Project description:<h4>Objectives</h4>We examined mainstream total particulate matter, nicotine, cotinine, menthol, pyrene, carbon monoxide (CO) and semivolatile furan yields from a commercial waterpipe with two methods for heating the tobacco, quick-light charcoal (charcoal) and electric head (electric) and two water bowl preparations: with (ice) and without ice (water).<h4>Methods</h4>Emissions from a single brand of popular waterpipe tobacco (10 g) were generated using machine smoking according to a two-stage puffing regimen developed from human puffing topography. Tobacco and charcoal consumption were calculated for each machine smoking session as mass lost, expressed as a fraction of presmoking mass.<h4>Results</h4>The heating method had the greatest effect on toxicant yields. Electric heating resulted in increases in the fraction of tobacco consumed (2.4 times more, p<0.0001), mainstream nicotine (1.4 times higher, p=0.002) and semivolatile furan yields (1.4 times higher, p<0.03), and a decrease in mainstream CO and pyrene yields (8.2 and 2.1 times lower, respectively, p<0.001) as compared with charcoal. Adding ice to the bowl resulted in higher furan yields for electric heating. Menthol yields were not different across the four conditions and averaged 0.16±0.03 mg/session. 2-Furaldehyde and 5-(hydroxymethyl)-2-furaldehyde yields were up to 230 and 3900 times higher, respectively, than those reported for cigarettes.<h4>Conclusion</h4>Waterpipe components used to heat the tobacco and water bowl preparation can significantly affect mainstream toxicant yields. Mainstream waterpipe tobacco smoke is a significant source of inhalation exposure to semivolatile furans with human carcinogenic and mutagenic potential. These data highlight the need for acute and chronic inhalation toxicity data for semivolatile furans and provide support for the establishment of limits governing sugar additives in waterpipe tobacco and educational campaigns linking waterpipe tobacco smoking behaviours with their associated harm.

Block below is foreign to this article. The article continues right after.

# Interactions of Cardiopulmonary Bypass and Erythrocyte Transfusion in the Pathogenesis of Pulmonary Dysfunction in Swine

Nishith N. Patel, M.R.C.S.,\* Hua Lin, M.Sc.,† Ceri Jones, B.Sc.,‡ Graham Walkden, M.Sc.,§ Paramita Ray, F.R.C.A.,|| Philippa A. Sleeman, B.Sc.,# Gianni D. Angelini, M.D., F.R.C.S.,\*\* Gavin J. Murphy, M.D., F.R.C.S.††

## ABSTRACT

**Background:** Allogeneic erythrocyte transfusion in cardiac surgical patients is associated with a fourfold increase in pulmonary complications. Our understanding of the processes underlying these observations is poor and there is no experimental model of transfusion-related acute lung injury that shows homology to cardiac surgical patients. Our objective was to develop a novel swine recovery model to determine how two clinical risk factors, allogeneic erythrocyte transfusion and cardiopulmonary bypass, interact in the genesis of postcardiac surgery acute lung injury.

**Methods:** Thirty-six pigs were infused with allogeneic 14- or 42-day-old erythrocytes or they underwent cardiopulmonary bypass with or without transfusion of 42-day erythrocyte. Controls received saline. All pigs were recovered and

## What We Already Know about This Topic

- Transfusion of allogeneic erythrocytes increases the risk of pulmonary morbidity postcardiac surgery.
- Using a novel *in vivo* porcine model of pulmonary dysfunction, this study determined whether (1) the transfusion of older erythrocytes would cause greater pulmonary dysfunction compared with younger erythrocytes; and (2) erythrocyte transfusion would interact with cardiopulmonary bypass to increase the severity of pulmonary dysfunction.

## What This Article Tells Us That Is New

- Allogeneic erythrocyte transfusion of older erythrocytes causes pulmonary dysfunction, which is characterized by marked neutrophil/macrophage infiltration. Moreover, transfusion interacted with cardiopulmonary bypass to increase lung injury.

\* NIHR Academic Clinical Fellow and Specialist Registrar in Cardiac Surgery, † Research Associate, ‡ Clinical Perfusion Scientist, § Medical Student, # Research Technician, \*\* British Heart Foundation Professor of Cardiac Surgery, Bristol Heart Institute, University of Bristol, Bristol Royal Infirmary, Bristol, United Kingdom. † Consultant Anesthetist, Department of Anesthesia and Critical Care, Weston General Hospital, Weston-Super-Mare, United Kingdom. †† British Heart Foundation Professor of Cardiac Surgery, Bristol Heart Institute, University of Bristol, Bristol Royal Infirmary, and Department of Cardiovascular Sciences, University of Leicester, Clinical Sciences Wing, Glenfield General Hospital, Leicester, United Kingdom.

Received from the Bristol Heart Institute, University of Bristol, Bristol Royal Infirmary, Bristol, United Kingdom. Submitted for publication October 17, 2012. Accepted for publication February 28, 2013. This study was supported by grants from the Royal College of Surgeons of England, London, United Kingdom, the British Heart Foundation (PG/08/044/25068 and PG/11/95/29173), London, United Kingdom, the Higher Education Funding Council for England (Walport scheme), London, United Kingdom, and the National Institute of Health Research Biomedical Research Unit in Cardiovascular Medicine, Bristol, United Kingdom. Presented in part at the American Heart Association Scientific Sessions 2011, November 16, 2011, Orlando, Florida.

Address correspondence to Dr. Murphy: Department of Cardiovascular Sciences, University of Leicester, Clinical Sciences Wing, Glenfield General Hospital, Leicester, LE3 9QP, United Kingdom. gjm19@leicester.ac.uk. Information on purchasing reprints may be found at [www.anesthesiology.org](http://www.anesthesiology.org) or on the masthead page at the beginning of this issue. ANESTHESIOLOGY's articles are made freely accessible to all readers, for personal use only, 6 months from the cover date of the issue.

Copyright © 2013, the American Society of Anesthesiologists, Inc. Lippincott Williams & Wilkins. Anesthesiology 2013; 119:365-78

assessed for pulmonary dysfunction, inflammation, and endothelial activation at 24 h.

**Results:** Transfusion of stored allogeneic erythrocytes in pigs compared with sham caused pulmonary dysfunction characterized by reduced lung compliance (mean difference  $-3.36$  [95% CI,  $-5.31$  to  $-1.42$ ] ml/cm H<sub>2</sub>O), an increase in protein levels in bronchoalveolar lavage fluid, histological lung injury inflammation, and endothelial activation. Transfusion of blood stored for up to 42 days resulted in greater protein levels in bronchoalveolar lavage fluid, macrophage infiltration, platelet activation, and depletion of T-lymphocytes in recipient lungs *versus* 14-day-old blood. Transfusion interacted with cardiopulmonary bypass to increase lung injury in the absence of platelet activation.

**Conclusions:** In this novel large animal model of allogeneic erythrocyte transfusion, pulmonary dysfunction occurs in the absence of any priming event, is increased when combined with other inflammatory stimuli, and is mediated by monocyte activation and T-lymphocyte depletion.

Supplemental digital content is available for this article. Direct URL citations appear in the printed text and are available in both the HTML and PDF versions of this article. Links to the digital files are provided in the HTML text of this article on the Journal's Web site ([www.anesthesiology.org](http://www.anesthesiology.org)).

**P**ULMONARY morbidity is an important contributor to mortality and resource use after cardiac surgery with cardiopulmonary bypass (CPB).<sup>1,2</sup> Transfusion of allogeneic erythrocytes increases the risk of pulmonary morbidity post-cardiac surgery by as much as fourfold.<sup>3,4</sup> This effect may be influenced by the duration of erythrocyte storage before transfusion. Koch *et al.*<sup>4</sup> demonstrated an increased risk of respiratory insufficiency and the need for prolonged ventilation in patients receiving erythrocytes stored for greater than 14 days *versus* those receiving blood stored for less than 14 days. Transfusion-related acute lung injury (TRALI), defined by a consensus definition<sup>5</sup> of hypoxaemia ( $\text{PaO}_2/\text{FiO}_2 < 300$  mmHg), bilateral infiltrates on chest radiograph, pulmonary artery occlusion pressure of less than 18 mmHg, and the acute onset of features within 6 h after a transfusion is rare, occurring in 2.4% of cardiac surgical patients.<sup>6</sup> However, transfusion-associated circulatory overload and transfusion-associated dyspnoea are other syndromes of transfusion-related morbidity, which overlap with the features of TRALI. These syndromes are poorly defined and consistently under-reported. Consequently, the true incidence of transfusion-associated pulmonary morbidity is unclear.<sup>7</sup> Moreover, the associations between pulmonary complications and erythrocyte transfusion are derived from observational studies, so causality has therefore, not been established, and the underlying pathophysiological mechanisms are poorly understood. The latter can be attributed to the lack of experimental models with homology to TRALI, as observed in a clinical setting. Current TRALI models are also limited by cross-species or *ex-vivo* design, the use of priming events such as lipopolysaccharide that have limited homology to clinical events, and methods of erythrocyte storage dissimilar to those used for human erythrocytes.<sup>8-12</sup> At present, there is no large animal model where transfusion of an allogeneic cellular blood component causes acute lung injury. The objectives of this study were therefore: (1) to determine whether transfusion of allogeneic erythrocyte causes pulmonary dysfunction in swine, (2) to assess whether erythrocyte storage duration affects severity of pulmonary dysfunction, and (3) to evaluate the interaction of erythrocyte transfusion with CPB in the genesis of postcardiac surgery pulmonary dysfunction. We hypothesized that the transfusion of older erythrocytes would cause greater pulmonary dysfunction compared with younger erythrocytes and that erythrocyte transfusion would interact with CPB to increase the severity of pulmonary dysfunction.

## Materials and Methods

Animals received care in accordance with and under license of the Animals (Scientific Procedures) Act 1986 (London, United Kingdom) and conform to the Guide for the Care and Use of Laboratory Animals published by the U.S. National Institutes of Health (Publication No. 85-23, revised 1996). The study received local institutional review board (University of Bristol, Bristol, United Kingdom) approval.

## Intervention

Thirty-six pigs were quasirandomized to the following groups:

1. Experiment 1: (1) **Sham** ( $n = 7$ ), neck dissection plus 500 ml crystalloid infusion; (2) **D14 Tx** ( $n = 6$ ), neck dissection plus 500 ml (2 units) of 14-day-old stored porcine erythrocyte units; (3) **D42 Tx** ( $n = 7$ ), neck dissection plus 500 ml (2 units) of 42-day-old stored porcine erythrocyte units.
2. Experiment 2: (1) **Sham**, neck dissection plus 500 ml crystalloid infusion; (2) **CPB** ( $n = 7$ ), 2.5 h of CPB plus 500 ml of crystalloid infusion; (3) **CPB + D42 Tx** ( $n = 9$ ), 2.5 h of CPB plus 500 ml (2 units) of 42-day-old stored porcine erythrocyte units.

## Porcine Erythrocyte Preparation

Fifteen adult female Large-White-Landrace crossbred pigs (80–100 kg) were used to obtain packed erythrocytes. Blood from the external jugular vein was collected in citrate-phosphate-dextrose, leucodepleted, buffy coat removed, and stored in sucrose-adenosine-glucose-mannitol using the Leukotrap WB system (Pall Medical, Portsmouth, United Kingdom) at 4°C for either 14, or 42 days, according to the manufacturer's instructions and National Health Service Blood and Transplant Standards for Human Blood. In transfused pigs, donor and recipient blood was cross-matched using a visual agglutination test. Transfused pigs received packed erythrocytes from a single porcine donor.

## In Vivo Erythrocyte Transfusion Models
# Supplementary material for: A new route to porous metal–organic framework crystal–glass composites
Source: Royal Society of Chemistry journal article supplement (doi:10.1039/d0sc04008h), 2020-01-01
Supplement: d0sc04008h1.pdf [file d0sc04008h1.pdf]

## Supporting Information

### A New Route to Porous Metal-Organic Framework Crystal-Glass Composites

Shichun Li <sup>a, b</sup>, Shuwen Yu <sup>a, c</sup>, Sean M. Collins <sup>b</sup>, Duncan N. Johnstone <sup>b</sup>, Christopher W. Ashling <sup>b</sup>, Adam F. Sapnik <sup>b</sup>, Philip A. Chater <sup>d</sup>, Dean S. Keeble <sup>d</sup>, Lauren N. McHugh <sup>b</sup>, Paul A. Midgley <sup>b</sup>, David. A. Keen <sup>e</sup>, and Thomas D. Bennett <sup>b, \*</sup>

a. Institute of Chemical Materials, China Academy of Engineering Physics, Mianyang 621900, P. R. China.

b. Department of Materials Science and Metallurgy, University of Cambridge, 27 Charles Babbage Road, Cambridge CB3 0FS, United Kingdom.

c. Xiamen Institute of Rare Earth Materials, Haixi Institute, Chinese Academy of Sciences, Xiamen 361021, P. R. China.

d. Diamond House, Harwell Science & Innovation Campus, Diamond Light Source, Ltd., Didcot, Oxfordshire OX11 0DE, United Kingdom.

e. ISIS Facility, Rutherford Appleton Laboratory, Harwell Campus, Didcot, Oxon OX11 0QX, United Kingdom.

Project description:Waterpipe smoking is becoming more popular worldwide and there is a pressing need to better characterize the exposure of smokers to chemical compounds present in the mainstream smoke. We report real-time measurements of mainstream smoke for carbon monoxide, volatile organic compounds and nanoparticle size distribution and chemical composition using a custom dilution flow tube. A conventional tobacco mixture, a dark leaf unwashed tobacco and a nicotine-free herbal tobacco were studied. Results show that carbon monoxide is present in the mainstream smoke and originates primarily from the charcoal used to heat the tobacco. Online measurements of volatile organic compounds in mainstream smoke showed an overwhelming contribution from glycerol. Gas phase analysis also showed that very little filtration of the gas phase products is provided by the percolation of mainstream smoke through water. Waterpipe smoking generated high concentrations of 4-100 nm nanoparticles, which were mainly composed of sugar derivatives and especially abundant in the first 10 min of the smoking session. These measured emissions of volatiles and particles are compared with those from a reference cigarette (3R4F) and represent the equivalent of the emission of one or more entire cigarettes for a single puff of hookah smoke. Considerations related to the health impacts of waterpipe smoking are discussed.